Prospect Notebook: Meadows, McGuire, Brault, Taillon, Glasnow, Korean Scouting

The Pirates will be sending a talented group to the Arizona Fall League this off-season, highlighted by two of their best prospects, Austin Meadows and Reese McGuire. The AFL is mostly made up of upper level talent, which will be a challenge for both players. Meadows is currently in Altoona, and just finished the season in the Eastern League playoffs. McGuire finished the year with Bradenton, and didn’t get a promotion to Double-A.

Prior to today’s game, Neal Huntington discussed the decision to send both players to the Fall League.

“Austin is a very advanced player overall, and felt that he was absolutely ready,” Huntington said. “In Reese’s case, it’s going to be a push for him offensively, but it will allow his defense to continue to grow and develop. He’ll catch some better and more experienced arms. The offense is definitely ahead of the pitching in Arizona – it always is. Teams don’t always send their pitchers out there so typically it is more the position players that go into the league. We just thought it would be great for both guys to get out there and face some older competition to make a good next step to their development.”

McGuire didn’t have as good of a season in Bradenton as Meadows, posting a .254/.301/.294 line in 374 at-bats. Offense typically comes slower for catchers, especially strong defensive catchers who put so much focus on their pitching staff and defensive development. McGuire shows the tools needed to be a good hitter, with a line drive stroke and the ability to make solid contact with the barrel of the bat. However, that hasn’t translated to the stat lines on a consistent basis.

You can expect Meadows to start in Altoona next year, and this assignment will give him more of an opportunity against upper level guys. It would be very aggressive for McGuire to go to Altoona at the start of the year, although good results in the AFL, along with a solid performance in Spring Training, could help give him that push. He does a good job with his pitching staff, and gets a lot of good reviews from the upper level pitchers he has caught in the past. If anything, this assignment will continue that trend.

On the pitching side, the Pirates are sending Steven Brault to the AFL after a big breakout season. The lefty was promoted to Altoona mid-season, and responded with a 2.00 ERA in 90 innings with the Curve. He did pitch 155.2 innings this year, plus his additional 4.2 innings in the post-season. However, there wasn’t a huge jump over his 146.1 innings last year, and the Pirates felt he had some innings remaining.

“Our thought at this time was to maybe just gain some extra innings – maybe out of the bullpen a little to give him some experience there,” Huntington said. “It will continue to add some innings against better competition. He’ll be able to face some quality hitters out there and continue his next step in development rather than just going to the instructional league.”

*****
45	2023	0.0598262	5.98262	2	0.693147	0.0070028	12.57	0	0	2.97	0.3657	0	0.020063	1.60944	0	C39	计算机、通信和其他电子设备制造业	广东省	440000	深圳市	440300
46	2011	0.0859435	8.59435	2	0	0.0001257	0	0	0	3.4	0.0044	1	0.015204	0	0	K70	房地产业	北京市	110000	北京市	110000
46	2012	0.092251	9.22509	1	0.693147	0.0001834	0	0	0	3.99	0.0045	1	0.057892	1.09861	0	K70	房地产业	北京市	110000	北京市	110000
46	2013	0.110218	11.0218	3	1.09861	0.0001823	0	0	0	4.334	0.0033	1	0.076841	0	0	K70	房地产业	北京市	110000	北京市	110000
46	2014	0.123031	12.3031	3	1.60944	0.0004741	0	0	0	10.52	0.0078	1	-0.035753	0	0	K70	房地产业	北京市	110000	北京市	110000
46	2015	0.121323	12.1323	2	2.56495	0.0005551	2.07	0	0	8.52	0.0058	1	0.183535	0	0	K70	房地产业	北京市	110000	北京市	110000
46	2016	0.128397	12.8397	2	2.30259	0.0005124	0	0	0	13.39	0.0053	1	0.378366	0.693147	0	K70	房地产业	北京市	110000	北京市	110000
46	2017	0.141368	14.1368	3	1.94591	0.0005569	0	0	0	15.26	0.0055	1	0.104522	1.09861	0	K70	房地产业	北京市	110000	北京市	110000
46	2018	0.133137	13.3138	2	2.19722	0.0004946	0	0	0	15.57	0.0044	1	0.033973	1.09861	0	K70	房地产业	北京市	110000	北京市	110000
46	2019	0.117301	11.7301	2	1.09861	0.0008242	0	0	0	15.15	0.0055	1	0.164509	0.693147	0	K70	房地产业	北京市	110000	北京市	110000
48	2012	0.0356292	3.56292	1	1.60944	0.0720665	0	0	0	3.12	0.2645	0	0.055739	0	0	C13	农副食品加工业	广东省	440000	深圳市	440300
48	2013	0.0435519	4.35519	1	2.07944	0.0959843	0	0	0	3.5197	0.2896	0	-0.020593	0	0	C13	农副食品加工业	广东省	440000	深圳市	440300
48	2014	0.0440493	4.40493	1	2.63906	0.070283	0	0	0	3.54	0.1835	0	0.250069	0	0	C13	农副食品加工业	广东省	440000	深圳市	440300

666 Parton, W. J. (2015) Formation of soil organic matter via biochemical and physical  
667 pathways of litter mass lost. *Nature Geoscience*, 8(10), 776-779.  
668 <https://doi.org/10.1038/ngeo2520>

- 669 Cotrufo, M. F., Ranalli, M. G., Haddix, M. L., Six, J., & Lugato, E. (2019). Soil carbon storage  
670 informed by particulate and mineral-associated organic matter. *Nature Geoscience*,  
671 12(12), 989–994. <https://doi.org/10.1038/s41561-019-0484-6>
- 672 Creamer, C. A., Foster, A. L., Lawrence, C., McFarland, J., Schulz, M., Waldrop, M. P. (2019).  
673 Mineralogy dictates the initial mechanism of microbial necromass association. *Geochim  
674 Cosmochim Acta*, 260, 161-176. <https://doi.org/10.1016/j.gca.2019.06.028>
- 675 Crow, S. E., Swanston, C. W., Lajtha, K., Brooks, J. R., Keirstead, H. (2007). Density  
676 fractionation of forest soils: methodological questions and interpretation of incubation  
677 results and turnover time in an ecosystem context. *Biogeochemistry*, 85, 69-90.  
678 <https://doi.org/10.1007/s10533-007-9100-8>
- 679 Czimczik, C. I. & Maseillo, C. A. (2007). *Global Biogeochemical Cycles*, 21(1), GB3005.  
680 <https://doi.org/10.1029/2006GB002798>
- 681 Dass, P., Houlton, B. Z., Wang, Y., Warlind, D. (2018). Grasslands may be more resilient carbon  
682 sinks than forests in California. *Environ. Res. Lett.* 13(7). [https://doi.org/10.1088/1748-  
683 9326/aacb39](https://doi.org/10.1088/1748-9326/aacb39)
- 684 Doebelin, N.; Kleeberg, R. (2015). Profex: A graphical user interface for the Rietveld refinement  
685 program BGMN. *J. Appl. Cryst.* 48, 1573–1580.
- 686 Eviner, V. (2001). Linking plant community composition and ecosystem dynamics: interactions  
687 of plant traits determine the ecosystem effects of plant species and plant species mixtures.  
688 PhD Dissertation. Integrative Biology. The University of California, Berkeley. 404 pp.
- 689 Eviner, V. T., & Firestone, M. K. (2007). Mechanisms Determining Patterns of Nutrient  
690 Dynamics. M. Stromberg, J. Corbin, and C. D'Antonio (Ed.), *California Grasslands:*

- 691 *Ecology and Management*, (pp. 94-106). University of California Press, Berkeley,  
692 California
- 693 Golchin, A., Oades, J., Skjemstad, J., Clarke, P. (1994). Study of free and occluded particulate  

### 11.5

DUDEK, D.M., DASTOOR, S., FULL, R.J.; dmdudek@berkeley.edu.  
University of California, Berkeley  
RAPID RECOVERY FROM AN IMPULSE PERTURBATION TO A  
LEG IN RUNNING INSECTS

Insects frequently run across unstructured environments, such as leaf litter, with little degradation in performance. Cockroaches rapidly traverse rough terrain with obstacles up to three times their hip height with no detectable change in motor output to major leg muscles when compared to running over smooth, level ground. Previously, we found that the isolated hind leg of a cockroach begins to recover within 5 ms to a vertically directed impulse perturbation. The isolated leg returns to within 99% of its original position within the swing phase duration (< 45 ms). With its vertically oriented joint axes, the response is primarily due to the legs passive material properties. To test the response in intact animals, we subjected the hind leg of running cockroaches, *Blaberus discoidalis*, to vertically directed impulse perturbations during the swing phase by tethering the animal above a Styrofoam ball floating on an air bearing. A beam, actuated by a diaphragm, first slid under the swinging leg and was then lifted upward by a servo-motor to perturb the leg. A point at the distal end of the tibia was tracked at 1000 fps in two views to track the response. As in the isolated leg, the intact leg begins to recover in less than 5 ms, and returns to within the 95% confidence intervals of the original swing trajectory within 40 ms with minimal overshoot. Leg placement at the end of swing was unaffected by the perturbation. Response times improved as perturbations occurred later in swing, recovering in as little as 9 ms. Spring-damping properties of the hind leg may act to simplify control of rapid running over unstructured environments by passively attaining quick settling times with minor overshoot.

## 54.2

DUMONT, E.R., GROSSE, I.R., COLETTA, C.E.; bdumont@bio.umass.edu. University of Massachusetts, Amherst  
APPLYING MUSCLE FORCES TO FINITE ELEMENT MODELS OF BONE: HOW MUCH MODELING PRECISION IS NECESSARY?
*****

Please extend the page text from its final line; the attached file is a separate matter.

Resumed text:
Brault has shown the ability to be a future starter in the majors, although his upside would be a back of the rotation guy, with the most likely outcome being a solid number four starter. So don’t expect the bullpen work to change his upside in the short-term.

“We want him to be challenged and go out and get some experience and exposure out of the bullpen,” Huntington said. “It’s different out there. The bullpen is very different than it is in a real game because they pretty much know you got the sixth inning, so they go through the routine as opposed to the minor leagues. You pretty much know when you are going to pitch. It’s still a good controlled environment to get guys some bullpen experience. One thing – we still see him as a starter. I don’t want it to run that Brault will be our lefty reliever next year. We still see him as a starter. It’s just an opportunity to get him experience.”

Jameson Taillon Arrives at Instructs

The Pirates sent Jameson Taillon and all of their other rehab players home for a break at the end of the season, with all of the players expected to return for the Fall Instructional League. Taillon returned today, according to Huntington, and could get some innings during the instructs season.

“He’s getting back down there today, and he’ll continue his throwing program,” Huntington said. “If the program continues to go well, ideally, we’ll get him a handful of innings. I don’t see us stretching him out. I don’t see us building him back up again. We just want to get him back on the mound and get him back competing. Then, we will shut him down for a ‘normal’ offseason so that he comes into camp next year ready to go – so that there are no issues in the back of his mind about his body. He’s competed and he’s gone out and had some success hopefully. He’ll go into offseason mode then come into camp ready to go.”

There has been a lot of talk about how Taillon hasn’t “pitched” all year. That’s true in terms of the box scores. But Taillon was pitching all season in extended Spring Training, and then was ready to pitch in the Gulf Coast League on rehab before his hernia surgery. He should be ready to go on Opening Day 2016 for Indianapolis, and could be an option for the Pirates by the middle of the season.

Other Prospect Notes

**Huntington on Tyler Glasnow’s continued work with Indianapolis: